(CNN) -- A man has died after being attacked by a pale-headed saltwater crocodile nicknamed "Michael Jackson" in Australia's Northern Territory.
The 57-year-old man was fishing with his wife on the bank of the Adelaide River Monday when his line apparently became snagged, Northern Territory Police said.
"It appears he has entered the water and tragically was taken by a crocodile while retrieving fishing equipment," they said in a statement on Facebook.
Parks and Wildlife Rangers and members of the Water Police Section subsequently shot and killed the 4.5 meter (14.7 foot) crocodile, they said. The man's body was found nearby.
The incident is believed to have occurred about 5.30 p.m. local time Monday (4 a.m ET, 8 a.m. GMT), police said.
Peter Saltmarsh, from Spectacular Jumping Crocodile Cruise, told CNN it was the first time in his 20 years working as a guide on the river that such an incident had occurred.
"There are plenty of crocodiles up here and we don't have many problems as a rule. There are lots of signs, there are lots of cruises, there are lots of warnings and there's lots of knowledge," he said.
Five companies operate crocodile cruises in the area with the giant reptiles distributed about one every 100 meters along the river, on the banks of which they could sometimes be spotted, Saltmarsh said.
"They normally eat fish and kangaroos and other things -- they're not after us. They're very timid and elusive animals, they're very lazy and very rarely seen." He said crocodiles could stay underwater for up to four hours.
"Michael Jackson" was recognizable for its pale head and had been known to locals for about 10 years, Saltmarsh said.
The late pop singer Michael Jackson had suffered from the skin condition vitiligo, which caused parts of his skin to lighten.
Saltmarsh said it was unfortunate that the victim had apparently entered water inhabited by big crocodiles at dusk to retrieve his lure.
"The crocodile could have thought he was any sort of an animal. It's just really, really unfortunate. This person's made a tragic error of judgment."
Dr. Adam Britton has been researching crocodiles in the Northern Territory for about 18 years and was familiar with "Michael Jackson."
"What made that particular animal special was that it had a very light colored head, so it was very recognizable," he said. "It was missing part of its tail, two limbs and had a big scar on its belly.
"He was an old, beaten up, battle-scarred crocodile that everyone knew," Britton said.
"When this report of someone being killed came in, people knew he was pretty much the only crocodile that lived in that territory," he said. "A lot of people didn't want to see him shot."
But Britton said that it was a legal requirement that the crocodile be killed so that the coroner could confirm the cause of death by, for example, matching bite marks and examining the reptile's stomach contents.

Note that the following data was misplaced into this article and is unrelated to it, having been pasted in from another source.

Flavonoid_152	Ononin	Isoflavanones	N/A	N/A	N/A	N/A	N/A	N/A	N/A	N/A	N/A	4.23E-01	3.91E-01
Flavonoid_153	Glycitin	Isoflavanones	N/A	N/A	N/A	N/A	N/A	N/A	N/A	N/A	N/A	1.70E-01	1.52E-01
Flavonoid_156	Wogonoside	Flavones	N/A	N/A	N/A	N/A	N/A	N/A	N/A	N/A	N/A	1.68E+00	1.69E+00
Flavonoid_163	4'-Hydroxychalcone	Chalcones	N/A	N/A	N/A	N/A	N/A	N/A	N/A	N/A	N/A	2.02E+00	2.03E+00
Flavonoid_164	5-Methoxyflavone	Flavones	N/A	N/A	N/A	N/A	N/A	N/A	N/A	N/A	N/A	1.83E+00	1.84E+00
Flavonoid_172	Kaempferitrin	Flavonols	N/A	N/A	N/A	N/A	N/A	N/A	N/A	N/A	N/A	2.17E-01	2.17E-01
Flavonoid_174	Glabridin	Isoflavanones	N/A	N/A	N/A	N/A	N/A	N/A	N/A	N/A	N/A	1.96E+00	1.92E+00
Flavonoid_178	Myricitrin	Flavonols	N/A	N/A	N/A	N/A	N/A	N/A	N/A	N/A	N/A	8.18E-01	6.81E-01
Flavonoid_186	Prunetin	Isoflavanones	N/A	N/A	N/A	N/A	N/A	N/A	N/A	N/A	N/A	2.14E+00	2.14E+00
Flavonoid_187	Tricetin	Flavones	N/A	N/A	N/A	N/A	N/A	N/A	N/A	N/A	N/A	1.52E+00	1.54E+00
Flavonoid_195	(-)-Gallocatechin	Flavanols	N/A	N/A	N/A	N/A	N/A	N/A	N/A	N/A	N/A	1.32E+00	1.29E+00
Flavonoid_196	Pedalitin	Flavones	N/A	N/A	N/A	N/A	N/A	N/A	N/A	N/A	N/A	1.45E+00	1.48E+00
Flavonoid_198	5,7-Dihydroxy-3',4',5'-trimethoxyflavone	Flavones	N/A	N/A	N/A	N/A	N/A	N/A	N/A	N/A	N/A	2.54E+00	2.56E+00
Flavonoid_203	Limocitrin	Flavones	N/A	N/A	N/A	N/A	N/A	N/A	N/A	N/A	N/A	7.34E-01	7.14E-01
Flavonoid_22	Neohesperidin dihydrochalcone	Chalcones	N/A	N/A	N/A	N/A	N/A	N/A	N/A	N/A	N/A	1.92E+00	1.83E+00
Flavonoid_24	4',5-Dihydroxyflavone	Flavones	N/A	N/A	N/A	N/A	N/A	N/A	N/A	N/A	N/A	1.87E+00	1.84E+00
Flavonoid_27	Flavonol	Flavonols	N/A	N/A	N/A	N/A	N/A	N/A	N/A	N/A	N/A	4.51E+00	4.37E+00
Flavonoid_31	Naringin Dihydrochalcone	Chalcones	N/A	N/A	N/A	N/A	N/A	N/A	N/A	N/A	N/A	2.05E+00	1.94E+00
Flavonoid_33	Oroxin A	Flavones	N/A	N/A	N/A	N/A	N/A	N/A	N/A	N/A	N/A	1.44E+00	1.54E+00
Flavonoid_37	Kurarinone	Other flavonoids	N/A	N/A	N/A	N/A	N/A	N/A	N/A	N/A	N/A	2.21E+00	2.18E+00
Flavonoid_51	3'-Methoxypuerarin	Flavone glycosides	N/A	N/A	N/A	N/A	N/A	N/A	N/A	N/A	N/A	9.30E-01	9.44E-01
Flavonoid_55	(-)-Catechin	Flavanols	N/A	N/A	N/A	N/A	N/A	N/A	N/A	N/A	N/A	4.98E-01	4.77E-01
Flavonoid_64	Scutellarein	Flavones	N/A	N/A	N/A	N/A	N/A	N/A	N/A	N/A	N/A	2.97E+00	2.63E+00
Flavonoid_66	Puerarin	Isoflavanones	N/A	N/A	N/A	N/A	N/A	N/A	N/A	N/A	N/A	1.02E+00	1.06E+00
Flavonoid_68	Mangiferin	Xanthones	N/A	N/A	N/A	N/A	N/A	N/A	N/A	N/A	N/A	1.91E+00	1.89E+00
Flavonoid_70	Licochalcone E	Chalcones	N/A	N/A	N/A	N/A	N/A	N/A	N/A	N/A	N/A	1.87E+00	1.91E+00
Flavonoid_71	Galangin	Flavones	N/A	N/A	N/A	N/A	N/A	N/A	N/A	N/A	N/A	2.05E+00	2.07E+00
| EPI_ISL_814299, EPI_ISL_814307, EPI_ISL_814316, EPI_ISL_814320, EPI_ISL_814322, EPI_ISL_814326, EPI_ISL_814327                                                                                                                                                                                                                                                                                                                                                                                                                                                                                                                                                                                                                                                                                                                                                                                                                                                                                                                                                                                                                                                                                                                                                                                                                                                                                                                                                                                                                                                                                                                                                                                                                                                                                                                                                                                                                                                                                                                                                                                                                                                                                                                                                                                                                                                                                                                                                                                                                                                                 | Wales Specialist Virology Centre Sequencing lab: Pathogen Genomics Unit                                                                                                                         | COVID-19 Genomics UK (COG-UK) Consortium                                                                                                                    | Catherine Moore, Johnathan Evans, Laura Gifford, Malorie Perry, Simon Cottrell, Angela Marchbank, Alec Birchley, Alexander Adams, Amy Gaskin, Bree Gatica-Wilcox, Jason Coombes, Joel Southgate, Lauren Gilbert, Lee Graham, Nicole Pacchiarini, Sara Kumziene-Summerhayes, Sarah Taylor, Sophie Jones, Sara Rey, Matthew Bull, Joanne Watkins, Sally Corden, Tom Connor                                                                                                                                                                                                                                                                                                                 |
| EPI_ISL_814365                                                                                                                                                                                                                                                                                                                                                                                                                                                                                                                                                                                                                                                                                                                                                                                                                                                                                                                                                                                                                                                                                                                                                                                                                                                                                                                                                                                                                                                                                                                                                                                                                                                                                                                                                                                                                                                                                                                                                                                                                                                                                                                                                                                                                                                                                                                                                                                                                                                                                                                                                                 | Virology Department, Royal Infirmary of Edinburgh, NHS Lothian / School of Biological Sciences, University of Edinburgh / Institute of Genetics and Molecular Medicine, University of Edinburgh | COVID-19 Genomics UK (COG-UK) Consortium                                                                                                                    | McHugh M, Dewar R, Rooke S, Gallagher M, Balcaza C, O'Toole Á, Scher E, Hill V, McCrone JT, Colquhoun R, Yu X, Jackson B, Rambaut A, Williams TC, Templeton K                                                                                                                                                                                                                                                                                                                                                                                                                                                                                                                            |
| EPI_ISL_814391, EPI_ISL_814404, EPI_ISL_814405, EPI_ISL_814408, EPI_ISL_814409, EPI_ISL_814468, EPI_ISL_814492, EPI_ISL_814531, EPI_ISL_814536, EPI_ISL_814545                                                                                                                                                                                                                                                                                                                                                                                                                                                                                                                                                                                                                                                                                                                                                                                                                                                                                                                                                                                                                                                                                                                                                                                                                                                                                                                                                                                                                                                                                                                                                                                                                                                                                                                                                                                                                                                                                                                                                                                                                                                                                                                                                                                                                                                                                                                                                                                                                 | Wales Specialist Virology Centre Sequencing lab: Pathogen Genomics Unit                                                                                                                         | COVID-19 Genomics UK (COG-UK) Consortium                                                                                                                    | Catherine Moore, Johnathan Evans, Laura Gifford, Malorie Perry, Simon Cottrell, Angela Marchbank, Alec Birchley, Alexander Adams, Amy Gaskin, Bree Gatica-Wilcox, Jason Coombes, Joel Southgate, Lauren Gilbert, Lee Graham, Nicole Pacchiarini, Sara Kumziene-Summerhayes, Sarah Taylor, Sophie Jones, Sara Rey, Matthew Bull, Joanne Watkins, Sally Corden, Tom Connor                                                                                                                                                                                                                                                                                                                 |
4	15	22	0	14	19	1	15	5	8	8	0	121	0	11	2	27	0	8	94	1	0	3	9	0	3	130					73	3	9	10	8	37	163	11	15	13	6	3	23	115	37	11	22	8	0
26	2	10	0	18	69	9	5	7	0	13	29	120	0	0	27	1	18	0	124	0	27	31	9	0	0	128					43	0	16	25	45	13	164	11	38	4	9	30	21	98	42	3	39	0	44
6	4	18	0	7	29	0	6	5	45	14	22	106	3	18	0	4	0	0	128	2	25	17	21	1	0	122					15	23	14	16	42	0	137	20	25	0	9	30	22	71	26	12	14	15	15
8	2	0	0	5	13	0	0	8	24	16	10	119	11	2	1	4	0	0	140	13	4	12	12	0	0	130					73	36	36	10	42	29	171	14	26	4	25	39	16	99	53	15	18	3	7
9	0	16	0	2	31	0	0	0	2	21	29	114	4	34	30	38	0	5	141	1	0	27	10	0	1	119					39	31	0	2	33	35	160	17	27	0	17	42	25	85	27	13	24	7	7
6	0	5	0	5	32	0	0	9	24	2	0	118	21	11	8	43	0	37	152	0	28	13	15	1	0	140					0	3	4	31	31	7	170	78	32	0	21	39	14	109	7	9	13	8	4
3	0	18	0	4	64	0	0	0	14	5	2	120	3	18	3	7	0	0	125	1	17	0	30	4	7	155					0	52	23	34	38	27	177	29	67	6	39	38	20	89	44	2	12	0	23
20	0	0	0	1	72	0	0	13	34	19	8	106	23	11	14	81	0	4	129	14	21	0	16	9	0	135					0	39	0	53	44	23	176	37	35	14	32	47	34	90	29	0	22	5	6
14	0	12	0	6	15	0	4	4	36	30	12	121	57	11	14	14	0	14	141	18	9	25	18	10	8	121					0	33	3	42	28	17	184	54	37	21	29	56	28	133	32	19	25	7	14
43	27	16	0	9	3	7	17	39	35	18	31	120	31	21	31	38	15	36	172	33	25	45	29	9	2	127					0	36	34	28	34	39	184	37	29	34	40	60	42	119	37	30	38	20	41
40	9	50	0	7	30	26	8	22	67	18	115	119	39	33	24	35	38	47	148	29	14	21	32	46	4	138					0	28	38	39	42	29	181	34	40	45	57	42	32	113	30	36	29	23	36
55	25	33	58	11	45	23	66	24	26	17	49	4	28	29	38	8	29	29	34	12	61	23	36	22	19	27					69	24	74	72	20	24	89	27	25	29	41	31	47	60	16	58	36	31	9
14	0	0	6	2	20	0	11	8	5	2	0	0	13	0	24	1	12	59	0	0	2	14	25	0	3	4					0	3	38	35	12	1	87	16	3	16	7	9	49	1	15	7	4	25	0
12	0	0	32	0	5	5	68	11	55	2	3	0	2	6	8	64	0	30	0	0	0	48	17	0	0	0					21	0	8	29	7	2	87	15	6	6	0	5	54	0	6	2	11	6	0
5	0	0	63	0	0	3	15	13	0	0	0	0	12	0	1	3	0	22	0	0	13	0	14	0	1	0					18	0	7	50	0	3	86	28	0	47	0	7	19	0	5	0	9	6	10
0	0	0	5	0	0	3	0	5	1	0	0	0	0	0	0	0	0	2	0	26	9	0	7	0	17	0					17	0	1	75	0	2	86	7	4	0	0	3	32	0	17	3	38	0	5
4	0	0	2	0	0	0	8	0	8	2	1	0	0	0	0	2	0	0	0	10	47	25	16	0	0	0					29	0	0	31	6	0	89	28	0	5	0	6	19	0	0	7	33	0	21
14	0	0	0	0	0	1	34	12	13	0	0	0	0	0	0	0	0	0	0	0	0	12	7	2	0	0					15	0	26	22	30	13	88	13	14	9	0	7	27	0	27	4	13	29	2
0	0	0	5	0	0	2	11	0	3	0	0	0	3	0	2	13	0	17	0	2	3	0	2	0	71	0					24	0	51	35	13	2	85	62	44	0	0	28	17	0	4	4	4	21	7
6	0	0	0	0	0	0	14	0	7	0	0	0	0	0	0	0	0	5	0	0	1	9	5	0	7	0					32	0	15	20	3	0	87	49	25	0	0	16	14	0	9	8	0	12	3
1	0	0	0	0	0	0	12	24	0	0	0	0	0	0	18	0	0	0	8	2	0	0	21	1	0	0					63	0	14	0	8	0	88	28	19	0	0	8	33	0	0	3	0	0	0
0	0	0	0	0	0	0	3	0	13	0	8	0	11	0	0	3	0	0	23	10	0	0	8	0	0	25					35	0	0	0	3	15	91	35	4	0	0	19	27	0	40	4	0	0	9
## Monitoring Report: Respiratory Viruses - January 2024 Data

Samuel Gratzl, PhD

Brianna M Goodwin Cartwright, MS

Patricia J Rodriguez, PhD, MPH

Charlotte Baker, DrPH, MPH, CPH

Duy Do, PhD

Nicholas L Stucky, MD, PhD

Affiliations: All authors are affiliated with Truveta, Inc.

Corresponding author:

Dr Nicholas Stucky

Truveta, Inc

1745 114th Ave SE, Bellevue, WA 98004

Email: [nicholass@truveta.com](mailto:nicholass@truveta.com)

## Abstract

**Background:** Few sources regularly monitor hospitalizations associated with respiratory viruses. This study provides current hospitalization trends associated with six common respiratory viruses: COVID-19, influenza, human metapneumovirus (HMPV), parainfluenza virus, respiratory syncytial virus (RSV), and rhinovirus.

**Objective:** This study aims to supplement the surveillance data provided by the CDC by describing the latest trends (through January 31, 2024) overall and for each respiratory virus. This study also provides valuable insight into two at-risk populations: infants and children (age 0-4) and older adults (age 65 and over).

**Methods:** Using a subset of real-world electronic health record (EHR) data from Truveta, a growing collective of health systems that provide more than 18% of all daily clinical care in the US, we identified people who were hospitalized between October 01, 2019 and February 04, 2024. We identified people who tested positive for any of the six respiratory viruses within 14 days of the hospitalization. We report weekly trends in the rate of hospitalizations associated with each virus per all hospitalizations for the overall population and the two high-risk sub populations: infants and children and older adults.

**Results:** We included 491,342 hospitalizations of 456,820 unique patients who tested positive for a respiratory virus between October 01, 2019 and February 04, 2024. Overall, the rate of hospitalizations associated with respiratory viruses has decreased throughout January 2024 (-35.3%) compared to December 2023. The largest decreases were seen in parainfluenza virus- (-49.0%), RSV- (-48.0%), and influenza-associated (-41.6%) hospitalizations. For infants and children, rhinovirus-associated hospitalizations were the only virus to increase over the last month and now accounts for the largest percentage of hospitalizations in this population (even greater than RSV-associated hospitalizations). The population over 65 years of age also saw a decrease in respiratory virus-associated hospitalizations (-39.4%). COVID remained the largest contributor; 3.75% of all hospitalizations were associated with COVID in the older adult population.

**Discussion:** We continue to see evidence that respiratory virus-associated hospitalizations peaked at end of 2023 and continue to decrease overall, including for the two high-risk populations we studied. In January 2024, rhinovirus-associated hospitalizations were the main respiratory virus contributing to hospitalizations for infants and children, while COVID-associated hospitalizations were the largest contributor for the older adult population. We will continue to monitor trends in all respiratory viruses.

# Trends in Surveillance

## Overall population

Evidence also suggested that if a crocodile successfully took a human it would be more likely to do so again in the future, he said. "Crocodiles learn patterns and routines and we know from their wild behavior that they'll actually come back to the same spot to catch a prey animal."
Britton said that he had heard of other people previously fishing from the same area where the man was taken. It had better access than most of the Adelaide River, which is mainly edged by muddy mangroves, he said.
The fact that others may have fished there without incident could have created a mistaken sense of safety, Britton said.
"One of the things that makes crocodiles so dangerous is that you can do things like that and get away with it. Because crocodiles don't always attack," he said. "That leads people into a false sense of security about how risky it actually it is."
In the wrong place at the wrong time, tragedies like this could then happen, he said.
"Often crocodiles will hone in on people who are actually fishing," Britton said. "There have been examples of crocodiles sneaking up and stealing fish. Likely when [the victim] stepped in to get his lure back, it was right there under the water -- probably expecting a fish. As far as the crocodile was concerned that was potential food for it."
"It's just a tragedy on every level, there are no positives that can possibly come out of this," Britton said, adding that someone shouldn't have to lose their life to drive the safety message home.
While "Michael Jackson" was not actually an Albino -- a genetic mutation -- it was rare to see crocodiles with its coloring, which likely resulted from temperature changes during its incubation, he said.
"It doesn't happen very often. But if you hatch out thousands of eggs you'll see a few examples every few years," he said.
Britton said Michael Jackson was probably 40 to 50 years-old, meaning he would have hatched at a time when the number of crocodiles in Australia was low.
Declining numbers led to their protection in Australia in 1971, but the population is now regarded as being almost fully recovered, he said.
The species was found throughout South East Asia, Britton said and a database -- Crocbite -- had been created to record confirmed attacks across the world going back to the 1800s.
Prior to Monday's fatal attack, the most recent suspected attack in the Northern Territory was on Melville Island, where Australian Broadcaster ABC reported that "biological remains" had been found inside a crocodile after a man had gone missing earlier this month.